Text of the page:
Sometime in 1992, probably late in the year, I devoured the first three novels in William Shatner’s Tek series: TekWar (1989), TekLords (1991), and TekLab (1991). At the time, as a teenager, I was certain they were as original and exciting as anything ever published. As I’ve aged, become jaded by life, my opinion has changed a smidge; there probably are stories more original, more exciting. And, even worse, the Tek books will never be canonized, but—even after these truths were revealed—I still enjoy them. They are a sweetly inviting piece of candy—all sugary and sweet with no aftertaste, or calories. Maybe a shadow of guilt, literati induced guilt, but thankfully it passes with the first page.
The first novel, TekWar, was published by G. P. Putnam’s Sons in hardcover. Ace reissued it as a mass market in 1990. Amazingly, I have read it three times. It introduces former police detective Jake Cardigan who was convicted of corruption. He was sentenced to fifteen years in the “Freezer,” which is a cryogenic suspended animation penitentiary. The world continues, but the convict sleeps it away. Jake is given parole after four years when an influential private detective agency, Cosmos, successfully lobbies for his release.
Cosmos wants Jake for his contacts in Mexico. A man named Leon Kittridge, along with his daughter Beth, have disappeared in Chihuahua where their skycar reportedly crashed. Professor Kittridge is developing a device that easily, and remotely, destroys tek; an illegal virtual reality device that creates the illusion of a perfect life. Cosmos has sent three operatives to Chihuahua in pursuit of the Kittridges and none have returned.
TekWar is a humorous, almost tongue-in-cheek, futuristic private eye novel. The setting is 22nd century, but the science fiction takes a backseat to the hardboiled detective story. There are robots, flying cars, and, of course, tek, but the “science” is decoration. Very good decoration and the novel is better for it, but still decoration. Change out tek for smack and flying cars for Chevys and it is a 20th century piece.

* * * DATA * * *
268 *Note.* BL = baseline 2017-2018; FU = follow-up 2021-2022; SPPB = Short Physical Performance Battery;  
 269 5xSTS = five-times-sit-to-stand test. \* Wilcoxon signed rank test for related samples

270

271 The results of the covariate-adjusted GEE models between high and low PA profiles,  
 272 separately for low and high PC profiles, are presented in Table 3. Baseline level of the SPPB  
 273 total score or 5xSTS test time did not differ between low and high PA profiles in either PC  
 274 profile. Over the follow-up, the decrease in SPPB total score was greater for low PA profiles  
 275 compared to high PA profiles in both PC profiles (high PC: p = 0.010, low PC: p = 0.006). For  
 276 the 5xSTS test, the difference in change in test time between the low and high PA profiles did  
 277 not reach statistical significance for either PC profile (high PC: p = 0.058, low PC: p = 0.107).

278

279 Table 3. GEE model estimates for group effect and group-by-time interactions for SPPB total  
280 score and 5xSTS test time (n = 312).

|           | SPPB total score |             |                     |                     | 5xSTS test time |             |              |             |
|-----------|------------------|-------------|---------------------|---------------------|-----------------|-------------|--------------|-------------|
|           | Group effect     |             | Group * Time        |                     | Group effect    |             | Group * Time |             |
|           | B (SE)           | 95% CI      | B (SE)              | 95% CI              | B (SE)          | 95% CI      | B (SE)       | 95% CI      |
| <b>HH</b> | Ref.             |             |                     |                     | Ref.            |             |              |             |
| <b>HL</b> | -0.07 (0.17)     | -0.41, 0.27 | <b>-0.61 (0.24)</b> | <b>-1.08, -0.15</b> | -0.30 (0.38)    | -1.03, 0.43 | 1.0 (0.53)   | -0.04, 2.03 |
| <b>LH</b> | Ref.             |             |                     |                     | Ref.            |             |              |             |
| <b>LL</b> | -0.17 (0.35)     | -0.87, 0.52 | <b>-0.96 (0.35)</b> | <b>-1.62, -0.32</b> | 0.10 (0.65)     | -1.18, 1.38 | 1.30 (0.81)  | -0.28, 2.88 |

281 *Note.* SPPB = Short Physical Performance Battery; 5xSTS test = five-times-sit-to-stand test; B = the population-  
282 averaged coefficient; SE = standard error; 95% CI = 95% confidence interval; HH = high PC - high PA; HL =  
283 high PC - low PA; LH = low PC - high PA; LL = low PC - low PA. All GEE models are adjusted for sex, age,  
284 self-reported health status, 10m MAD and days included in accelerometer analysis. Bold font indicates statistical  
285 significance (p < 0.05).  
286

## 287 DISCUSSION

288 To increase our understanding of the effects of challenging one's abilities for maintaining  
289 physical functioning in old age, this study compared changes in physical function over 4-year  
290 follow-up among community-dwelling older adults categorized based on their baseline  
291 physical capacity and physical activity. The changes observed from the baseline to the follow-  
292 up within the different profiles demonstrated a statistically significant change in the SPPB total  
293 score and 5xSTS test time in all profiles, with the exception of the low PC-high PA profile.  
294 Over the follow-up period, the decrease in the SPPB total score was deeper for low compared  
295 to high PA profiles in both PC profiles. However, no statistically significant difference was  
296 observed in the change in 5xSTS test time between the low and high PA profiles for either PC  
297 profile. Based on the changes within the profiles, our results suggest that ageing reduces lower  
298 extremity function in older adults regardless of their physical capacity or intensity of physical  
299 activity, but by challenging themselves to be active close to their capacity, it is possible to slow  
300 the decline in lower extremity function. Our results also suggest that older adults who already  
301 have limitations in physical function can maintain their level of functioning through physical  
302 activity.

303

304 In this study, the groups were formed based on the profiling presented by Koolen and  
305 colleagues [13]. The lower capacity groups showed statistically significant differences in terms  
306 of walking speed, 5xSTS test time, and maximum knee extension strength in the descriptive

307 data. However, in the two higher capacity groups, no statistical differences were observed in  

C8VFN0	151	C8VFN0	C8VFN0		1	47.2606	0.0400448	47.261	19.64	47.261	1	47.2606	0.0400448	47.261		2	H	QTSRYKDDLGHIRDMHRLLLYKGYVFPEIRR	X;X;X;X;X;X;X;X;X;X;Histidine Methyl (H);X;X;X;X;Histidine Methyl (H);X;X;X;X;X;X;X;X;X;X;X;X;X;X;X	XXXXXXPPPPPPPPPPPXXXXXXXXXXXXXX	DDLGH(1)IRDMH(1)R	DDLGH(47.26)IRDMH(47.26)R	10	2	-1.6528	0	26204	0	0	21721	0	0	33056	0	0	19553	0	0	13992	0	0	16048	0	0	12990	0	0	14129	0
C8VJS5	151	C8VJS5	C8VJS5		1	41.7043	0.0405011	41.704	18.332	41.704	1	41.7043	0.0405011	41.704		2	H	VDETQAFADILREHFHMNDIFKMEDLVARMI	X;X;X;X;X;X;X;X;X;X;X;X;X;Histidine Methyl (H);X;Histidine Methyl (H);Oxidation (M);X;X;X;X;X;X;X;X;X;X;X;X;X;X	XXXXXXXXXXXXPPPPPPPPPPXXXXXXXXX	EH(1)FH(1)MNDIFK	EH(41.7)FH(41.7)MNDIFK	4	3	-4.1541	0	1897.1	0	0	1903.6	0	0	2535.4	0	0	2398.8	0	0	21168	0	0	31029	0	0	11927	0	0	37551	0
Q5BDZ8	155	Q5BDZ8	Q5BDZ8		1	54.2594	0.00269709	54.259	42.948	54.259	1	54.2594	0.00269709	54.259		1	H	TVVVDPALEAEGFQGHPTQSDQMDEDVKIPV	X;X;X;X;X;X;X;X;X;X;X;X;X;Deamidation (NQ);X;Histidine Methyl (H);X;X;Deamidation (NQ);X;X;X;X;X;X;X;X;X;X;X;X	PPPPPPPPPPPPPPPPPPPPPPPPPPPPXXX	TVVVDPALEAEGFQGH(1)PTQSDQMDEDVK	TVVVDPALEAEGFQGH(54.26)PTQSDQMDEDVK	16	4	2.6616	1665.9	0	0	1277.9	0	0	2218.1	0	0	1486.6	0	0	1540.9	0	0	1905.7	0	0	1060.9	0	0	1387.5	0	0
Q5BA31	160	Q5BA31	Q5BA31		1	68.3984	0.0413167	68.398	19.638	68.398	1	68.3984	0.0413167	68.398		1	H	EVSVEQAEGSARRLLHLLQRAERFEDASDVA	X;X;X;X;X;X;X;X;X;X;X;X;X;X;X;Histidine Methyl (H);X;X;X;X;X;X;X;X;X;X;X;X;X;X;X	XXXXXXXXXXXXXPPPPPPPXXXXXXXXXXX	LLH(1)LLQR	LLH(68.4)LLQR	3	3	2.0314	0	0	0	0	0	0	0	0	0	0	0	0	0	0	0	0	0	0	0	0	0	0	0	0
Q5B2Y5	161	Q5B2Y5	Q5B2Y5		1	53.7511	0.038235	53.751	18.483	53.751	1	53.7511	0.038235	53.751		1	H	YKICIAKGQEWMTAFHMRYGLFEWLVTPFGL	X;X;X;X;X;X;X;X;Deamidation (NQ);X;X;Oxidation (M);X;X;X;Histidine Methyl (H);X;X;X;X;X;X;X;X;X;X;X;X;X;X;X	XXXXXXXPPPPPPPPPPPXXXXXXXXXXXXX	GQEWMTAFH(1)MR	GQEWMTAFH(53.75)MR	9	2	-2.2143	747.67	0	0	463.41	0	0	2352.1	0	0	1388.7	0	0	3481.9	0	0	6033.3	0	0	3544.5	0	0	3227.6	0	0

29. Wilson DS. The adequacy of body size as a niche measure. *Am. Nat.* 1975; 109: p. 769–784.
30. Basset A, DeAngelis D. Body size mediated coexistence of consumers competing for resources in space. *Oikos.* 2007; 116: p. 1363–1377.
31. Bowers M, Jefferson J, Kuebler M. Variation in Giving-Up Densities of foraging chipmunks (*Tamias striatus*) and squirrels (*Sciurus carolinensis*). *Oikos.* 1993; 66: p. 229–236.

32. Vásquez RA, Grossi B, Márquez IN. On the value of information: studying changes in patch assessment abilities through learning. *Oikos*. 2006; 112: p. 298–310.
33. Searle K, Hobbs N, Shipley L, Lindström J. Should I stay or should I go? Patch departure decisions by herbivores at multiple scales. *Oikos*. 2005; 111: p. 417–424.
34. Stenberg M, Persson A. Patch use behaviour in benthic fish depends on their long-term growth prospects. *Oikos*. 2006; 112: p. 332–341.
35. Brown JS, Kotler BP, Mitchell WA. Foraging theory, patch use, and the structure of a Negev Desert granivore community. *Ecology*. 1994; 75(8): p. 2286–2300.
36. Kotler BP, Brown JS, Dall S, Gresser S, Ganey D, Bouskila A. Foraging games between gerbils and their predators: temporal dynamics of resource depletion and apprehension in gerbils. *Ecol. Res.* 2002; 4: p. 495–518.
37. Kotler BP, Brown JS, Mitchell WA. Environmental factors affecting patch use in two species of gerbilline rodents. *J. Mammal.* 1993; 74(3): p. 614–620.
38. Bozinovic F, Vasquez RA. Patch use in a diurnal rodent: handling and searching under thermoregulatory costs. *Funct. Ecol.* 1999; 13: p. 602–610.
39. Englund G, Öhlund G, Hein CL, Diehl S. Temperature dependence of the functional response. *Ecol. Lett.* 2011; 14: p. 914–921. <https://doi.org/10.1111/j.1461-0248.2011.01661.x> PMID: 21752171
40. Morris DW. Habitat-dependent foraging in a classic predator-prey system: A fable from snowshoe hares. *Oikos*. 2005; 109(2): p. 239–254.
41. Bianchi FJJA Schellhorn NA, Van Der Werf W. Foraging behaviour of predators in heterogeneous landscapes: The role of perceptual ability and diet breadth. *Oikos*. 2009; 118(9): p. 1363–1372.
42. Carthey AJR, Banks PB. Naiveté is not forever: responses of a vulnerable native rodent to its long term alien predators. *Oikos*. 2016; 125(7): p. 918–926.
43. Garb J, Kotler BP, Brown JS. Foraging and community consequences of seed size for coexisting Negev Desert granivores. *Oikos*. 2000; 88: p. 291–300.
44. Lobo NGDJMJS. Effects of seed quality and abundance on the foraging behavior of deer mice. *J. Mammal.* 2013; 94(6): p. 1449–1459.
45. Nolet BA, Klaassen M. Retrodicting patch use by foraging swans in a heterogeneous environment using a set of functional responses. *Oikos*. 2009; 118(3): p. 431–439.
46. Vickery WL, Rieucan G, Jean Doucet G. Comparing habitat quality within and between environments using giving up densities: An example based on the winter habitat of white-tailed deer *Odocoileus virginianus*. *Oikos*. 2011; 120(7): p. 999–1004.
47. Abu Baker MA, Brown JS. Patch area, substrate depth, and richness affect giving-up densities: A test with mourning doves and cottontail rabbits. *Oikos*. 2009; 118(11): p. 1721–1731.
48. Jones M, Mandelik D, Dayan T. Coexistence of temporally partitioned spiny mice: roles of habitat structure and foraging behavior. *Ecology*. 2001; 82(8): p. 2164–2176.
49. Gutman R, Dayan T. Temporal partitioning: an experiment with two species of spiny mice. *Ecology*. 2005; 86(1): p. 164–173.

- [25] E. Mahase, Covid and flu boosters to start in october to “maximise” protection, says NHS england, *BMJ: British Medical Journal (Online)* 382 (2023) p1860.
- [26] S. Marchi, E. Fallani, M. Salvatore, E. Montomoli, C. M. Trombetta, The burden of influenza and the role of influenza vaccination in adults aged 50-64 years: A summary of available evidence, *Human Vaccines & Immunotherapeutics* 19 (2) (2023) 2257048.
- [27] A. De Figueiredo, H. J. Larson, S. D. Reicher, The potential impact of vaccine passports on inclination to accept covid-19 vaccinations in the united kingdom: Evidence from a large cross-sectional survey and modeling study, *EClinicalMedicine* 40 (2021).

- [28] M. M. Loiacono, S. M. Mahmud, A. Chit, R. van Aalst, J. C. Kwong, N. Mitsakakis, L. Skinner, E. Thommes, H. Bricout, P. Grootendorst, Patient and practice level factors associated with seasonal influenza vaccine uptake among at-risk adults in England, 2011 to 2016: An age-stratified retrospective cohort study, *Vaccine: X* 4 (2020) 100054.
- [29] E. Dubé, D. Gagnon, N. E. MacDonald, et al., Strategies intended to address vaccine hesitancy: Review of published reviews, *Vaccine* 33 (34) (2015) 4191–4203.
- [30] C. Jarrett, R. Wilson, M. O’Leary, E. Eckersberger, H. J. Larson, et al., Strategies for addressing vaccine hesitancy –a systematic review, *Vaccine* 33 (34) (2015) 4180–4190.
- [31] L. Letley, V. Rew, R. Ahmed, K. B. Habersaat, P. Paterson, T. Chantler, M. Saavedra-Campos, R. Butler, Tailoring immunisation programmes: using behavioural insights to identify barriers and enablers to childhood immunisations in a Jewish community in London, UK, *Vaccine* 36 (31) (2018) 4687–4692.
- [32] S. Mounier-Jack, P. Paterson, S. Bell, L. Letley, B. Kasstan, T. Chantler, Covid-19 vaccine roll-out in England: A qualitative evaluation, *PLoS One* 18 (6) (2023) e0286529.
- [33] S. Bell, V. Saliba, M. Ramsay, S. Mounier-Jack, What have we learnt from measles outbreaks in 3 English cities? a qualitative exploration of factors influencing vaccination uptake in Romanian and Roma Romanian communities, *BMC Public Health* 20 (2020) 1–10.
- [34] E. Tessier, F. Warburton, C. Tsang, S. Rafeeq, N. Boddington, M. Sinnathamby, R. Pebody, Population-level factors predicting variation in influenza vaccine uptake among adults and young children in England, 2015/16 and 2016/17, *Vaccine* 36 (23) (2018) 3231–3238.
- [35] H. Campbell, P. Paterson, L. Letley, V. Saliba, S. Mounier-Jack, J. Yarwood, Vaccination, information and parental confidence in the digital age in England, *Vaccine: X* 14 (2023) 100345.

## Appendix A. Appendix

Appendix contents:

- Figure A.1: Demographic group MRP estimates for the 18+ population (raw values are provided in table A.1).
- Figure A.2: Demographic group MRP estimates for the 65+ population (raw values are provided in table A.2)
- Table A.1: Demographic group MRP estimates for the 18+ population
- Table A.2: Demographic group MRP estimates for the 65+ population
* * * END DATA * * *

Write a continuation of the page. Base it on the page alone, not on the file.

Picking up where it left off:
The humor is built in to the science fiction element of the story, which gives it the feeling of, “don’t take this too seriously.” In an early passage the warden, through his robot proxy, wishes Jake well and of his certainty Jake learned his lesson and will never return to the Freezer—
“Or, for that matter, to any of the fifty-three other prisons and correctional facilities in the State of Southern California…”
A platinum haired silver painted receptionist, going through life changes, confesses to Jake she has recently been mistaken for an android—
“‘…so far three clients have confused me with servomechs and a new ‘bot on the custodial staff tried to dust and polish me.’”
The action and humor are the novels strong points, and overshadow its weaknesses—there isn’t much doubt how the novel will end, and Jake Cardigan’s motive is exposed by his annoying habit of talking to himself. A habit, in my memory, that is reduced in the later series novels.